Next is the 12 String acoustic guitar track.  This one needed a bit more automation wizardry to make it work in the mix.  In the verses there wasn’t a lot happening, and so I wanted to keep a pretty full 12 string guitar sound.  However, in the pre-choruses and choruses, things get quite busy and dense, and I found if I wanted to hear the 12 string, I needed to thin out the low end from it, and add some high end to emphasize the strumming and to let it cut through without muddying up the whole mix.  The third automation track for the 12STR group is the bypass on an API plug-in EQ.  When the line is at the top the bypass is active, so the EQ is off.  When it drops down to the bottom, the bypass is inactive, so the EQ is ON.  You can also see that when I got to the chorus the second automation track for the 12STR is the pan position, and I moved the 12 STR off to one side of the mix (with the other acoustic guitar getting panned to the opposite side).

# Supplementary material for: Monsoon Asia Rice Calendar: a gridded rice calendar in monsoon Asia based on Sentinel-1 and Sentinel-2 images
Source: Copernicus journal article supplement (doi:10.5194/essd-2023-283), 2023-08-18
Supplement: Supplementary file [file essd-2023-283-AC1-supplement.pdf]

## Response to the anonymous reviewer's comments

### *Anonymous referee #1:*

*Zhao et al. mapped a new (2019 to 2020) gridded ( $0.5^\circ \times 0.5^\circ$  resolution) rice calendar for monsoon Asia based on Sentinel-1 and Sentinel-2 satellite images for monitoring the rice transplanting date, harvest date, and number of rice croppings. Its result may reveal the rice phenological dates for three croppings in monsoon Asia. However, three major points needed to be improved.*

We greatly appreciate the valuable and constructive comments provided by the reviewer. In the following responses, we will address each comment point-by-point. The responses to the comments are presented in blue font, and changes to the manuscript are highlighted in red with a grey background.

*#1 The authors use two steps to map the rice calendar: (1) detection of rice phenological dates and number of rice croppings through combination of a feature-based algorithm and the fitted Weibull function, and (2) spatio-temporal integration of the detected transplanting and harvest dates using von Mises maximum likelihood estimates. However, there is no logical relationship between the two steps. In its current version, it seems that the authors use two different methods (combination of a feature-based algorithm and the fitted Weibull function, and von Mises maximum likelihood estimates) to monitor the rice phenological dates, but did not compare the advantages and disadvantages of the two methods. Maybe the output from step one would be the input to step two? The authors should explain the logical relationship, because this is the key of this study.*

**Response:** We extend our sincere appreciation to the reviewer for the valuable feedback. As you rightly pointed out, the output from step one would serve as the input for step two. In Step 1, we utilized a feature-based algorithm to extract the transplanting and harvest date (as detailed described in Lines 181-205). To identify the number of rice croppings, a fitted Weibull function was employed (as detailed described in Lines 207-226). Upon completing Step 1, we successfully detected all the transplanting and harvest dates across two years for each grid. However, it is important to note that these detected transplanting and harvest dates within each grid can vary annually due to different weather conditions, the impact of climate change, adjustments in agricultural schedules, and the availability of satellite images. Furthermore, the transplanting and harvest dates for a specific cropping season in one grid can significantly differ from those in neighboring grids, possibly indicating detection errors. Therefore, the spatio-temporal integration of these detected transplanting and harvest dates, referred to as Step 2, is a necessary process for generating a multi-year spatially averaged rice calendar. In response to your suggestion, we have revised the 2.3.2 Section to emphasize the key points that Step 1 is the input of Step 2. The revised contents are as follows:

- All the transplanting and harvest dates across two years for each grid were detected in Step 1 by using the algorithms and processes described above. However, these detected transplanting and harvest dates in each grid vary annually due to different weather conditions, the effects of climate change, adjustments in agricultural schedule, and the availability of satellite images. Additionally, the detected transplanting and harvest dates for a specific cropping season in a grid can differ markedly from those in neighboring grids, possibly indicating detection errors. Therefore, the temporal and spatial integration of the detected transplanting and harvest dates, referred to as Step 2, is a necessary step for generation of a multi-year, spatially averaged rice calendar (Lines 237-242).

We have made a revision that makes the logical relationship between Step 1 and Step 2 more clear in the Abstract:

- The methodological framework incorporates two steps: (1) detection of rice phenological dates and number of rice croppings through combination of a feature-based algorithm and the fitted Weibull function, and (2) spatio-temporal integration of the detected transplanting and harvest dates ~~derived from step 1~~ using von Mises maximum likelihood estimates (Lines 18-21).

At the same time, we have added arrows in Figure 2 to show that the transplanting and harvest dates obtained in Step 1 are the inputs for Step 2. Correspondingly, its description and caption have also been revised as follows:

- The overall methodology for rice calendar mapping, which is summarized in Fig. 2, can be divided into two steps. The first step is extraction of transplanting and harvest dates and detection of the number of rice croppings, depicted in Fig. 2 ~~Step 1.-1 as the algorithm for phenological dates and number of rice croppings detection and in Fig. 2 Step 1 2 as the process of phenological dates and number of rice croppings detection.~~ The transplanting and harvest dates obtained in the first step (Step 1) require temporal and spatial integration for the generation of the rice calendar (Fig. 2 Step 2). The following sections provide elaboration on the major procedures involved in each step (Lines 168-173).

So, this demonstrates a use of automation that many beginners don’t think of.  Usually when you are mixing, you first try to get an overall sound for everything that works together… working on EQ and compression and such for each track.  Once people get that dialed in to where it sounds pretty good overall, they tend to leave things like EQ and compression alone, and focus on automating levels and effects.  This song is a perfect example where what works good in one section of a song doesn’t work well for other sections.  The drums don’t play in the first verse, and are very sparse in the second verse.  In general, for this song, there is a LOT more space for instruments to be big and full in the verses than there is in the pre-chorus, and especially the choruses.  So, I ended up automating EQ on several tracks, amongst other things, to get everything to fit together better in the busy sections where it was simply too crowded to make every track sound big and full on its own.